While it is possible to survive on 5-6 hours of a sleep a night, when your goal is to build muscle and boost performance, you need a proper night’s sleep for optimal recovery – that’s 7-8 hours, at least!
Sleep is possibly the most important phase of an active individual’s post-exercise recovery period – it’s when the real growth and adaptation occurs.
Maximise your recovery throughout the remainder of the day with these top tips.
When you sleep your body enters a heightened anabolic (muscle-building) state as powerful hormones are released throughout the night – over 90% of your daily growth hormone (gH) supply is released during sleep, while scientific research points to a direct relationship between sleep duration and your levels of circulating testosterone.
It’s when the body enters this growth phase when muscles (and other tissues) damaged during exercise are repaired. Adequate sleep also restores the immune and nervous systems, both of which are stressed following intense or prolonged exercise.
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There are two main types of sleep – non-rapid eye movement (NREM) and rapid eye movement (REM) sleep. Sleep can also be broken down into four stages or phases, with the first three occurring during NREM sleep and the fourth stage during REM sleep.
Stage 1: Relatively light sleep that lasts around 5-10 minutes at the start of a sleep cycle.
Stage 2: Lasts for approximately 20 minutes. The brain begins to produce bursts of rapid, rhythmic brainwave activity known as sleep spindles. Body temperature and heart rate also begin to drop.
Stage 3: Deep, slow brainwaves known as delta waves begin to emerge, which leads to a state of deep sleep that lasts for approximately 30 minutes.
Stage 4: The final sleep stage. This REM sleep stage is characterised by increased brain activity and a higher respiratory rate.
Sleep doesn’t progress through these stages in sequence, though, and fluctuates through the various levels several times throughout the night.
Muscles are most relaxed during phases of REM sleep. It’s also at this stage when blood flow to muscles increases as the demands of your internal organs are reduced. This aids the repair process as the blood shuttles vital nutrients – which we get from the food and supplements we eat – to the damaged tissues.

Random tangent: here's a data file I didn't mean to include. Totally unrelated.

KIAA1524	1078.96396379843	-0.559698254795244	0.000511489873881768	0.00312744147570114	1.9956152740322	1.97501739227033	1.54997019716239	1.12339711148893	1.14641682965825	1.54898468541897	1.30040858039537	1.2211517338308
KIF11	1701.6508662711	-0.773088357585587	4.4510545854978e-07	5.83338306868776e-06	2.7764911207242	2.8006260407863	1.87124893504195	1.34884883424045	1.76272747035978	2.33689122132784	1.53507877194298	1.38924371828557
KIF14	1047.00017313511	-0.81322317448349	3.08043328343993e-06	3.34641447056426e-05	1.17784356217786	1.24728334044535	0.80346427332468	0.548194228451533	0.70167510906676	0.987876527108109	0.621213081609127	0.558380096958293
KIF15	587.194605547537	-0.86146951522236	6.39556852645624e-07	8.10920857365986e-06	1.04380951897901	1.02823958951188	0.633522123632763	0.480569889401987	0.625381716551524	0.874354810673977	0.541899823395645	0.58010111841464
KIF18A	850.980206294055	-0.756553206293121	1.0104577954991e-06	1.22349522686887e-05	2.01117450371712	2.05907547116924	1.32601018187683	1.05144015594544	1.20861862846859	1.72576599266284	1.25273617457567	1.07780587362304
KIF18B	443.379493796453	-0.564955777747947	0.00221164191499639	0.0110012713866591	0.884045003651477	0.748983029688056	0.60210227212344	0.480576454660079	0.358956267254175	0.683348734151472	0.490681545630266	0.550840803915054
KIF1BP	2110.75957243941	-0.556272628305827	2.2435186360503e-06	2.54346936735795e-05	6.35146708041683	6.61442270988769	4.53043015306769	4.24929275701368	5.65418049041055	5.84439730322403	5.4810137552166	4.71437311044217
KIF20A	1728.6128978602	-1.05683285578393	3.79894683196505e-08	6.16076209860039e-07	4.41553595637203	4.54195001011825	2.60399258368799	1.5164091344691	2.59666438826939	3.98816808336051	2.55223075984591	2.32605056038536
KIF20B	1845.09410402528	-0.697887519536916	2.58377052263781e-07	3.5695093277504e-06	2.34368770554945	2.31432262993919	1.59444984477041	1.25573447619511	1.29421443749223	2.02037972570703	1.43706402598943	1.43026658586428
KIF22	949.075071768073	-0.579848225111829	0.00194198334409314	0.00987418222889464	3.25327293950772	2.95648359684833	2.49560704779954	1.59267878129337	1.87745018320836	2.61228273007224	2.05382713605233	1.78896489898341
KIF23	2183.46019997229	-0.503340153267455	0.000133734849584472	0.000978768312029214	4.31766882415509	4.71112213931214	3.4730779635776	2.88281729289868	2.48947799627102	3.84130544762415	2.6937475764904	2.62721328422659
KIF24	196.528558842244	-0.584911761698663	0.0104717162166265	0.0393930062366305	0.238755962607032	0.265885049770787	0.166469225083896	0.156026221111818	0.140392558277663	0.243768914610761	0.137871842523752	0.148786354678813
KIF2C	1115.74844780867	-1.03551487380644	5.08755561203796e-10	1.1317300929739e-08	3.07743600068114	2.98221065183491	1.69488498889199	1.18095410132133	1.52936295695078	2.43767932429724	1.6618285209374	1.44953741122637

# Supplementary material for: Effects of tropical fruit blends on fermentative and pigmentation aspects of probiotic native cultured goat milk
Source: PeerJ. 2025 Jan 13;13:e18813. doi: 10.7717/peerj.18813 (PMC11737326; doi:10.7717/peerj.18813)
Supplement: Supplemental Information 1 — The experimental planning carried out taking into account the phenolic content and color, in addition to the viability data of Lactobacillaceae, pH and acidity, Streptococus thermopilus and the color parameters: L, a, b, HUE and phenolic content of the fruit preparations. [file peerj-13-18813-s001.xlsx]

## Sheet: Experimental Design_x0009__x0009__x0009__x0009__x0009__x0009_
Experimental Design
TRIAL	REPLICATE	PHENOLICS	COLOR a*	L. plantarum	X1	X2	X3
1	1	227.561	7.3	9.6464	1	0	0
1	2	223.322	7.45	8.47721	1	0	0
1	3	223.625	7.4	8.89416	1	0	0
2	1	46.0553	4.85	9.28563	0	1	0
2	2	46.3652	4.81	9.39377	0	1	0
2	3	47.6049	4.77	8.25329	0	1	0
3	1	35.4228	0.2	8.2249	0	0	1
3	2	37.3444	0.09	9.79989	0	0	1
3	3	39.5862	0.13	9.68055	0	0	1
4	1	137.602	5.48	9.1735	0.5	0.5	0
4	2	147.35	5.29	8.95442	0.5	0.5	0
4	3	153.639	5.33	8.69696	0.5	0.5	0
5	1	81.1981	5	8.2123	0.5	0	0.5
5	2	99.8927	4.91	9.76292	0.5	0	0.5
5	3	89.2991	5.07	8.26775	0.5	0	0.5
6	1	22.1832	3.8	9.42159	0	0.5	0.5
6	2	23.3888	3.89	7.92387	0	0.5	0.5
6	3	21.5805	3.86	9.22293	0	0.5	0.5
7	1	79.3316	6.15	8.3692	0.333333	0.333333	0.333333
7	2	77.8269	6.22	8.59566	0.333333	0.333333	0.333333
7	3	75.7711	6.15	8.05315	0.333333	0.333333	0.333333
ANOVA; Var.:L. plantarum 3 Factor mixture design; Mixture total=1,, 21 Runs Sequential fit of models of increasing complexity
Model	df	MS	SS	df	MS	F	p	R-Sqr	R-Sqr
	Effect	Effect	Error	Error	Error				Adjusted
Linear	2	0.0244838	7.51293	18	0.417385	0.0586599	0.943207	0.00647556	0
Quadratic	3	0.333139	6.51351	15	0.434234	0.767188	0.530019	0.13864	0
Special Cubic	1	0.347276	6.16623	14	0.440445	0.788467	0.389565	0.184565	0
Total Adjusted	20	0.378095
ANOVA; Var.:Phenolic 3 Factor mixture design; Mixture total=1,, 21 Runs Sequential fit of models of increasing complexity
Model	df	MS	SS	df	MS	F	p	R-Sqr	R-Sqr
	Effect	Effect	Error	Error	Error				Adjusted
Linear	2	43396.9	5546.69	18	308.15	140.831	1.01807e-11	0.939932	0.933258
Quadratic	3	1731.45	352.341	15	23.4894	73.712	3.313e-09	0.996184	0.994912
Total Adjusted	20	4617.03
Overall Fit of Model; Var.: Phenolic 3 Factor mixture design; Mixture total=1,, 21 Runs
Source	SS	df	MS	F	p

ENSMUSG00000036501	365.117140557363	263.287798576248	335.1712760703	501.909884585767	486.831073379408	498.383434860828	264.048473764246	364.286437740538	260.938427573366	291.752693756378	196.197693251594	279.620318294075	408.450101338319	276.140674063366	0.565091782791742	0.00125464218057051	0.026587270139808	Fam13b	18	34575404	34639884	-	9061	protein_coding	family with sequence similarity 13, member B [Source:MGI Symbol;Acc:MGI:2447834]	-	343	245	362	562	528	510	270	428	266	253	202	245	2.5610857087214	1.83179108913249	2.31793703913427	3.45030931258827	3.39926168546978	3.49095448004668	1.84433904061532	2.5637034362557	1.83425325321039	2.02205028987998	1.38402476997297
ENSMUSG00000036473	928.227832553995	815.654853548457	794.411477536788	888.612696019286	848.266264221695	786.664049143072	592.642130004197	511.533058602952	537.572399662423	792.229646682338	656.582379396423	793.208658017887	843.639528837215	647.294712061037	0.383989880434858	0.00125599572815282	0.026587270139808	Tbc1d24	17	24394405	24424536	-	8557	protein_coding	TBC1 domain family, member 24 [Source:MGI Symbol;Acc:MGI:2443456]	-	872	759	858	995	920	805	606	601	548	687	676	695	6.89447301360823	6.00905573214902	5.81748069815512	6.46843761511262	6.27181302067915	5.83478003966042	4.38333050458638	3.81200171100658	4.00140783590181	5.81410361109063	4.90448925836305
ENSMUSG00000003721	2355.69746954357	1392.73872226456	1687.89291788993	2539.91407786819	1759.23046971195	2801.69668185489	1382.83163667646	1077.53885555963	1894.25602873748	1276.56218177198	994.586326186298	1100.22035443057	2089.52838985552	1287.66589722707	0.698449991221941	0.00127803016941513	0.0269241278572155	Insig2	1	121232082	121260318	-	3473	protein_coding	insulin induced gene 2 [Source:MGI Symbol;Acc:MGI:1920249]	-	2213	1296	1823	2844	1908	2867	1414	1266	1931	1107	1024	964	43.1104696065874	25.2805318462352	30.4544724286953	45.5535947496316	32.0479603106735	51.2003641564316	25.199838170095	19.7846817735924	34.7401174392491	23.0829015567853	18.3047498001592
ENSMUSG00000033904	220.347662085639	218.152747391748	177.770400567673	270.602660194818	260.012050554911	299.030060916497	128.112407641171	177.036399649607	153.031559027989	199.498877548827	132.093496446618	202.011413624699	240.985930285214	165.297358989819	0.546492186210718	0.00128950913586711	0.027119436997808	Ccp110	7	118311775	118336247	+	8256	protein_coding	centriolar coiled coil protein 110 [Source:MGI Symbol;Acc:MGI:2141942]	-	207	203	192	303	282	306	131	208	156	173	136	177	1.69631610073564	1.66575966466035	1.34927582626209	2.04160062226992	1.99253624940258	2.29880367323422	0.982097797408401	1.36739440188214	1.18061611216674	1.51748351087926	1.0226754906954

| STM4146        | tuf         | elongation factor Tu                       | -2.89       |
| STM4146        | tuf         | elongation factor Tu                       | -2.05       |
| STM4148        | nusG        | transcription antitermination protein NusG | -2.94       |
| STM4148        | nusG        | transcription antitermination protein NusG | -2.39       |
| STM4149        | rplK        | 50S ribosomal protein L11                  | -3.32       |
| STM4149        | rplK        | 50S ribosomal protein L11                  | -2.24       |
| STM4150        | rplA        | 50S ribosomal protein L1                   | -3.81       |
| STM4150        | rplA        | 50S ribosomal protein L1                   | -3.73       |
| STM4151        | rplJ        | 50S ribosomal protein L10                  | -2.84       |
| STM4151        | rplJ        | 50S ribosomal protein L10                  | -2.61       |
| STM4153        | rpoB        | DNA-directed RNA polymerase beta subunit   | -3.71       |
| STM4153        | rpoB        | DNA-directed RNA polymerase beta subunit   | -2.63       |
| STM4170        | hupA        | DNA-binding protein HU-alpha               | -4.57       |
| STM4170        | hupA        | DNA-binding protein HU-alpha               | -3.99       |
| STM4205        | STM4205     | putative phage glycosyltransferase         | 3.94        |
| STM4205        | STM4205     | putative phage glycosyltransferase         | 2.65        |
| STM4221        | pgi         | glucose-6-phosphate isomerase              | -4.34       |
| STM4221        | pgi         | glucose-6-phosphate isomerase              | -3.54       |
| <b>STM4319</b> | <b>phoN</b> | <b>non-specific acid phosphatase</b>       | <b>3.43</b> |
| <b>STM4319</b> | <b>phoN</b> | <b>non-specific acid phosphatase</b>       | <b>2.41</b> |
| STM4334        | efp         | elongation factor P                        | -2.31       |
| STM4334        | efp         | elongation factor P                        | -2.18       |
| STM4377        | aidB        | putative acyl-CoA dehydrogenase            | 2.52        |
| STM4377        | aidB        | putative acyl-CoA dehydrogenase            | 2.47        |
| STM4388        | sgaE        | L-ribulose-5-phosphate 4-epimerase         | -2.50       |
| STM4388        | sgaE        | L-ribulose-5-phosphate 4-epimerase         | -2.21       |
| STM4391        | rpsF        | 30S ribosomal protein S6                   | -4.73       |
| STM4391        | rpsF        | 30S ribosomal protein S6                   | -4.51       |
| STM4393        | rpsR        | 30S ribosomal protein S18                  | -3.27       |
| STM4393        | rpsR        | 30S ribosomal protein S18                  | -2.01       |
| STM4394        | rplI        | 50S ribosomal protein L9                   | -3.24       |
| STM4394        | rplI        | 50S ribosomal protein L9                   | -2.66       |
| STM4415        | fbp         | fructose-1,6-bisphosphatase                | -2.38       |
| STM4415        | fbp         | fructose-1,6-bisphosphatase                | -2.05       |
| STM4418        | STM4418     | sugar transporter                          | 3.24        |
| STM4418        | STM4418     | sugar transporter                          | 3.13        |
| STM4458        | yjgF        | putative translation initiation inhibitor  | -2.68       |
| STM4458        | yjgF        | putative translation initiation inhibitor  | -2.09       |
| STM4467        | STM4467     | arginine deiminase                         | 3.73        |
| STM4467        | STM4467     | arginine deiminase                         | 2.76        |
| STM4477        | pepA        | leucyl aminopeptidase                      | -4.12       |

These nutrients include glycogen and the important building blocks of muscle tissue, namely amino acids, which are derived from digested protein. Amino acids work to repair the damage caused by weight training or exercise, which helps our muscles to grow back bigger and stronger.
However, after a few hours of sleep your body enters a state called nocturnal post-absorptive muscle catabolism, or NPMC. This happens every night when the natural release of gH stops and you run out of circulating amino acids.
In the past there was not much that could be done to stop or reduce this process, short of waking up and eating periodically throughout the night. However, these days slow release protein supplements are available that contain slowly digested proteins like casein. These products deliver a ‘trickle’ of amino acids for extended periods of time during the night to ensure an anabolic state is maintained for longer during the sleep cycle.
Losing even an hour of sleep a night will lead to sleep debt and ultimately results in a host of negative effects. One of the more serious effects is a rise in the stress hormone cortisol, which is catabolic. Elevated levels may therefore interfere with optimal tissue repair and muscle growth.
Chronically elevated cortisol levels can also reduce your responsiveness to training and can lead to overtraining syndrome. This state also increases fat storage and can result in a loss of bone mass, along with depressed gH and testosterone production.
Various studies have also linked sleep deprivation with decreased aerobic endurance, reduced physical performance through impaired motor function, and increased ratings of perceived exertion. This can negatively impact on your mental state and reduces your willingness to train intensely.
Don’t limit your body’s ability to recover by avoiding these common mistakes.
Become a better sleeper
A few helpful tips to ensure a good night’s sleep include:
• Keeping your bedroom at a cool temperature (not cold) to help your body temperature drop to levels that induce sleep.
• A good quality mattress and pillow are also essential, as is developing a routine to follow before going to bed (like hitting the sack at the same time every night) as this will help to prepare your mind and body for sleep.
• Unplugging from the digital world and avoiding any screen time before bed goes a long way to help you sleep better.
• And avoid alcohol or stimulants before bed. Regardless of what your folks told you, a ‘nigh-cap’ is not going to make you settle faster.
• Lastly, avoid exercising late in the evening as your increased heart rate and elevated body temperature could hamper your ability to fall asleep quickly.